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Page:Popular Science Monthly Volume 49.djvu/56

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Tickets of all descriptions—railroad, theater, etc.—must have a stamp, as must each page of the reports of meetings, each leaf of a merchant's ledger, day or cash book, and every cigar sold singly, which must be delivered to the buyer in a stamped wrapper. Sales of imported spirits pay eight per cent on the duties levied on their importation, and a half of one per cent in addition when retailed. Domestic spirits pay three per cent when sold by producers or dealers at wholesale, and a half of one per cent additional when sold at retail. Gross receipts of city railroads pay four per cent; public amusements, two per cent upon the amount paid for entrance; playing cards, fifty per cent—paid in stamps—on the retail price; and manufactured tobacco a variety of taxes, proportioned to quality and value. Mercantile drafts are taxed at a dollar on every hundred.

Farms, haciendas, and town estates are required to be taxed at the rate of three dollars per each thousand dollars of the valuation, but such is the influence of the landowners that the valuation is almost nominal. In Vera Cruz the rate is reported at about two mills on the dollar for the most productive portions of country estates; while in the Pacific State of Colima the rate is said to be one and a half per cent. Land and buildings not actually producing income are exempt from taxation, notwithstanding they may be continually enhancing in value. This system of exempting unoccupied realty from taxation also prevails in Portugal; and the Mexican usage was probably derived from that country, where the theory in justification of the practice is, that the use of a thing defines its measure of value, and that to tax unused property is confiscation.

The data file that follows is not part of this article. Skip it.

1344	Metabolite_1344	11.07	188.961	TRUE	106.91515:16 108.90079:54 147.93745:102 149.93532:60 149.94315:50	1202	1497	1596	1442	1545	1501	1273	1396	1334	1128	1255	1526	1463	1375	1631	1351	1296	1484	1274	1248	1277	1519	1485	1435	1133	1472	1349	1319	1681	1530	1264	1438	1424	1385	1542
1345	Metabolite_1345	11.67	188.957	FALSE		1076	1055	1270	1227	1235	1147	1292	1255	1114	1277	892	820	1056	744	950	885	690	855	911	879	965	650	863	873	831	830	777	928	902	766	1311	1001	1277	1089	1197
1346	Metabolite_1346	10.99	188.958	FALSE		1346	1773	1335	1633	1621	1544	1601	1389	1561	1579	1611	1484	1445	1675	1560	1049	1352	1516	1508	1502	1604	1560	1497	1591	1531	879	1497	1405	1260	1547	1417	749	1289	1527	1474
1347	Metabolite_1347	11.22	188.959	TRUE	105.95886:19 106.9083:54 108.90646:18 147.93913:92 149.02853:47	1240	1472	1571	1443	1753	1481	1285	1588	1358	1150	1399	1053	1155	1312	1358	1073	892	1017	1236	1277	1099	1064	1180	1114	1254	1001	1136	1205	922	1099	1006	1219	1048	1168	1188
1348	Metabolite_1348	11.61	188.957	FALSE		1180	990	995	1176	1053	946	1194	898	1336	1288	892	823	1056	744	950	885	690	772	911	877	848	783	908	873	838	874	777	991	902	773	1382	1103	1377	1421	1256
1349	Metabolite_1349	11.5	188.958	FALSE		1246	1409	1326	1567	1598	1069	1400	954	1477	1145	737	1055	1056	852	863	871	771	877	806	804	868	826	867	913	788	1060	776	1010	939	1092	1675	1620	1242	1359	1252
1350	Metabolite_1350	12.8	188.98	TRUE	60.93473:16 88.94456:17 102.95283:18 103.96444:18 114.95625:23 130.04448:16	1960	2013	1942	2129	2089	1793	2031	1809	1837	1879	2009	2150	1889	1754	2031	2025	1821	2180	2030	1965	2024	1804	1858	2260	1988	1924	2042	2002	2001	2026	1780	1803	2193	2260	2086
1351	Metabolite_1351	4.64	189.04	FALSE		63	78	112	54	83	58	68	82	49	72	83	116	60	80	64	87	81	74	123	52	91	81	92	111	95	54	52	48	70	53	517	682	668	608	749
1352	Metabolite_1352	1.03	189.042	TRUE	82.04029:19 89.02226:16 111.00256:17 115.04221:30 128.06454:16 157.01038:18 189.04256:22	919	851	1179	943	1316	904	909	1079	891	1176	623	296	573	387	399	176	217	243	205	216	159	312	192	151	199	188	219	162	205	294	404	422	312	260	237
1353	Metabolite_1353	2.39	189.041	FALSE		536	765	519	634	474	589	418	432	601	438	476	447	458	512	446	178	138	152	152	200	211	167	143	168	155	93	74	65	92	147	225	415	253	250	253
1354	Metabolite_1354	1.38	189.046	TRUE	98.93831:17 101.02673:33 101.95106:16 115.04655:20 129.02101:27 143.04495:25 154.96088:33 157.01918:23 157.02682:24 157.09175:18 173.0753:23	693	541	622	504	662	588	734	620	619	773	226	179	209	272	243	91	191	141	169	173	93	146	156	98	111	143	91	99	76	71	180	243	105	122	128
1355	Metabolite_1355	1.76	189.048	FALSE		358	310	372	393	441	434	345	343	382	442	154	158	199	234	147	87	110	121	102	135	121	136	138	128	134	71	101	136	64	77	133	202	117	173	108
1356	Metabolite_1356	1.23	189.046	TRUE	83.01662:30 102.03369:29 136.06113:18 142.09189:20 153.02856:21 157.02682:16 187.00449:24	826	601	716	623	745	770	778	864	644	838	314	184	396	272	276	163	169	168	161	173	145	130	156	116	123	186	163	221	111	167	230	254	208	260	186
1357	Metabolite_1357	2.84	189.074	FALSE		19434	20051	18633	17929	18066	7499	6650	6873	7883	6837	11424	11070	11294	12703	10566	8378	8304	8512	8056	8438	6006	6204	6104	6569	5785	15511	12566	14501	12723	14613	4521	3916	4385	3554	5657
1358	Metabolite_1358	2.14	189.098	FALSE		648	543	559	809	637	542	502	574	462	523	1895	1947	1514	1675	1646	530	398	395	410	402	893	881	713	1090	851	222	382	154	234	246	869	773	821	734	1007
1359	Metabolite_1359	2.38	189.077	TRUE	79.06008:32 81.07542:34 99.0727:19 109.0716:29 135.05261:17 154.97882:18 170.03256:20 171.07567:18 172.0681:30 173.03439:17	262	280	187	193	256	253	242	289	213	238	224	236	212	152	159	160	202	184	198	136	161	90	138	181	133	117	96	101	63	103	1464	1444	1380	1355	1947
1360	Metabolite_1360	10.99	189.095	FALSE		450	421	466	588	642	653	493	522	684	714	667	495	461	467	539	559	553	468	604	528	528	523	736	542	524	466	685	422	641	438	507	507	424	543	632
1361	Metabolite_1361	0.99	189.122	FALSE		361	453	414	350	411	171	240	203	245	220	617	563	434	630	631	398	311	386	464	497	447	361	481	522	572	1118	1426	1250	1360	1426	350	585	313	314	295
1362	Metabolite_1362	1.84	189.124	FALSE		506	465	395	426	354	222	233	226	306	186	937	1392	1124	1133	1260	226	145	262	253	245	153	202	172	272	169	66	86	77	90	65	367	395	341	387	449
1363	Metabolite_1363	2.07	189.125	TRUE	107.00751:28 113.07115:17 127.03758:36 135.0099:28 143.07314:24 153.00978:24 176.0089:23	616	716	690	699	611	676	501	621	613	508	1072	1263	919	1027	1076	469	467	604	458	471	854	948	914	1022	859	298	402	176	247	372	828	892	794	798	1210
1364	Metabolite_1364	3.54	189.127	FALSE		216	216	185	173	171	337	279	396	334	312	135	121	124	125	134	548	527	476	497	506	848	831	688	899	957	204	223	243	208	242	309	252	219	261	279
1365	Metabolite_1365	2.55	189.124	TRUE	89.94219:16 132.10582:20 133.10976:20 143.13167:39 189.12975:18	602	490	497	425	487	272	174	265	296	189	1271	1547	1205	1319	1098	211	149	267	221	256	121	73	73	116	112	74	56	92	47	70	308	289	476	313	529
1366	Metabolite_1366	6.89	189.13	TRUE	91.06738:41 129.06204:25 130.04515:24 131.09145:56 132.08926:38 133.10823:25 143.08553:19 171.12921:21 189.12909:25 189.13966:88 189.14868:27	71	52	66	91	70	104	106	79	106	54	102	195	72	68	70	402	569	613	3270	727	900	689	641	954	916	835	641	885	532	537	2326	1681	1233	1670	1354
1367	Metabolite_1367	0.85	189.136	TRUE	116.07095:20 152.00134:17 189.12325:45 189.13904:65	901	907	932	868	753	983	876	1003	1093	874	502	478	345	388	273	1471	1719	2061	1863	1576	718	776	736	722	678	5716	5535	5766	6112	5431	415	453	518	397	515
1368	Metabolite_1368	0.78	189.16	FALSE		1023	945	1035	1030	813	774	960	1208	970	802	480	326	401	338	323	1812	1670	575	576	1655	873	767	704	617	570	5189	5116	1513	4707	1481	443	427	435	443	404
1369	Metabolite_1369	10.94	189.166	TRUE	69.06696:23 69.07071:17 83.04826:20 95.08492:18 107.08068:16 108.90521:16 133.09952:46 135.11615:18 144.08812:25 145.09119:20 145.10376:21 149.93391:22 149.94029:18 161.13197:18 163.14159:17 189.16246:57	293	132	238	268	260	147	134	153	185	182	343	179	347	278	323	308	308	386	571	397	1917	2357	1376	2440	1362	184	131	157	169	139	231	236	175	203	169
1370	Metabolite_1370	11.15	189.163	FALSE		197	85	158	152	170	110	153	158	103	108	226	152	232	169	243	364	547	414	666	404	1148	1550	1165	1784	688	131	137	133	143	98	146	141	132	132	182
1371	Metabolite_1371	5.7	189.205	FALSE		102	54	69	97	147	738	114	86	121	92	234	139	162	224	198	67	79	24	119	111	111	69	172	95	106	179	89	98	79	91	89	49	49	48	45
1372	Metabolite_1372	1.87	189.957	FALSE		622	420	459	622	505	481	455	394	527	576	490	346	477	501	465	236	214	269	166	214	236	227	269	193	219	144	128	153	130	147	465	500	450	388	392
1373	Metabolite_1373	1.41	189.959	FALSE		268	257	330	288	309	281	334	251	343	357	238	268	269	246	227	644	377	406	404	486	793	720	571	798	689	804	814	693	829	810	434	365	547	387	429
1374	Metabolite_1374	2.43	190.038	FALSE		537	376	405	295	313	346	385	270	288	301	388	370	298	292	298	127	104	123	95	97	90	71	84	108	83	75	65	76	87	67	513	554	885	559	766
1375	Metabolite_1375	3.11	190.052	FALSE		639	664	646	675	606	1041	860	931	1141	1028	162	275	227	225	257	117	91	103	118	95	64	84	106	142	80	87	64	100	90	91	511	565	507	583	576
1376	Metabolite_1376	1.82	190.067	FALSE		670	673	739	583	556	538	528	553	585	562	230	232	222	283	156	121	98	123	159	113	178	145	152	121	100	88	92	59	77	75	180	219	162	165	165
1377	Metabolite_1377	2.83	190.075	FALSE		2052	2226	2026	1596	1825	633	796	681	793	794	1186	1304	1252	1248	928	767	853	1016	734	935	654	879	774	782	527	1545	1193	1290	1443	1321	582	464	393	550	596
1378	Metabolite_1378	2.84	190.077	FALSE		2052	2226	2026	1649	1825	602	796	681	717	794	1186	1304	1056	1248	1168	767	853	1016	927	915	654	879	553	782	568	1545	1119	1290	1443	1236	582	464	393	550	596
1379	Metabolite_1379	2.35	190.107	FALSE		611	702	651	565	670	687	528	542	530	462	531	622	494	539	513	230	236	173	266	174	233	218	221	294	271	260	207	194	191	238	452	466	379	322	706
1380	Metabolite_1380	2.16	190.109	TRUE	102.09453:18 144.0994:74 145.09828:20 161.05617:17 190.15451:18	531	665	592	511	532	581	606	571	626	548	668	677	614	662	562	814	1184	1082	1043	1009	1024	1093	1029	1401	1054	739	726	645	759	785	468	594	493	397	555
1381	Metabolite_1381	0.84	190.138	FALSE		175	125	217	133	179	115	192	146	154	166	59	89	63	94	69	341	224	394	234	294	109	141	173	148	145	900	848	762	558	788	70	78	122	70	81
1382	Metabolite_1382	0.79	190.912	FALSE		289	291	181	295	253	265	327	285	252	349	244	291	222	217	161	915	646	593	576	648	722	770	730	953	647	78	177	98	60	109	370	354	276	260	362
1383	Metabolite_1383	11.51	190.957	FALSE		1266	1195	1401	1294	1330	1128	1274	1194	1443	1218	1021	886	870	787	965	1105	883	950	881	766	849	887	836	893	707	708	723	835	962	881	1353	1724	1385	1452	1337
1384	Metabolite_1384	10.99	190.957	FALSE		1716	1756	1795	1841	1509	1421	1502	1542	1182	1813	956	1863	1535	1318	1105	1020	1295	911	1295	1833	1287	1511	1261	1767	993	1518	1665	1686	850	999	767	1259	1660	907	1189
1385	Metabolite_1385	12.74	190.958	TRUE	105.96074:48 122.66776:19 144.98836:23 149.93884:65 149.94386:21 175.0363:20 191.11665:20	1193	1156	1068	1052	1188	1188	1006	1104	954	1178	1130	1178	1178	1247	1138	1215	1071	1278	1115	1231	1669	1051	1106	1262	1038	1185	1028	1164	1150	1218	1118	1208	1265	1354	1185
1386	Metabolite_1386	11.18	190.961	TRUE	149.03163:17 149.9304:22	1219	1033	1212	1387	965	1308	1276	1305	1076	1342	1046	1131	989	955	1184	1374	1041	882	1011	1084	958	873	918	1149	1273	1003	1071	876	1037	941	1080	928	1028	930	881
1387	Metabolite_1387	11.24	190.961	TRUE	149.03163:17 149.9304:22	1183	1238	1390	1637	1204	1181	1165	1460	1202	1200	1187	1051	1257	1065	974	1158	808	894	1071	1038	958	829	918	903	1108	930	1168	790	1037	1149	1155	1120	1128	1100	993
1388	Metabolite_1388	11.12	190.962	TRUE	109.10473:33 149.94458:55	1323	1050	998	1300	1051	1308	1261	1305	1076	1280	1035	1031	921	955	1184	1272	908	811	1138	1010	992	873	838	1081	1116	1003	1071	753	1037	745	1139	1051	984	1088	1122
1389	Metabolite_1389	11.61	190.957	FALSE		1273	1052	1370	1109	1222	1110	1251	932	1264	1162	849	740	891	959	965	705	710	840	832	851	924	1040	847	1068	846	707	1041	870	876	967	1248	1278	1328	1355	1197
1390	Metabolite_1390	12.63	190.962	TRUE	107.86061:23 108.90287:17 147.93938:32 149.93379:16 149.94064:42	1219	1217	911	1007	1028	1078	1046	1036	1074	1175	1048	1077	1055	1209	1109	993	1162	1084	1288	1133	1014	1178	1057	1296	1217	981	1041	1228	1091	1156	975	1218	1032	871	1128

A recent Mexican statute for the taxation of land contains forty-seven different sections, each providing the ways and means of enforcing the tax and prescribing penalties for its infraction. In the towns and cities of Mexico this system of infinitesimal taxation is indefinitely repeated, the towns acting as collectors of revenue for the Federal and State governments, as well as for their own municipal requirements. All industries pay a monthly fee: As tanneries, fifty cents; soap factories, one dollar. So also all shops for the sale of goods pay according to their class, from a few dollars down to a few cents per month. Each beef animal, on leaving a town, pays fifty cents; each fat pig, twenty-five cents; each sheep, twelve cents; each load of corn, fruit, vegetables, or charcoal, six cents (as a supposed road tax), and so on; and, on entering another town, all these exactions are repeated. A miller, in Mexico, it is said, is obliged to pay thirty-two separate taxes on his wheat before he can get it from the field and offer it, in the form of flour, on the market for consumption. As a matter of necessity, furthermore, every center of popu-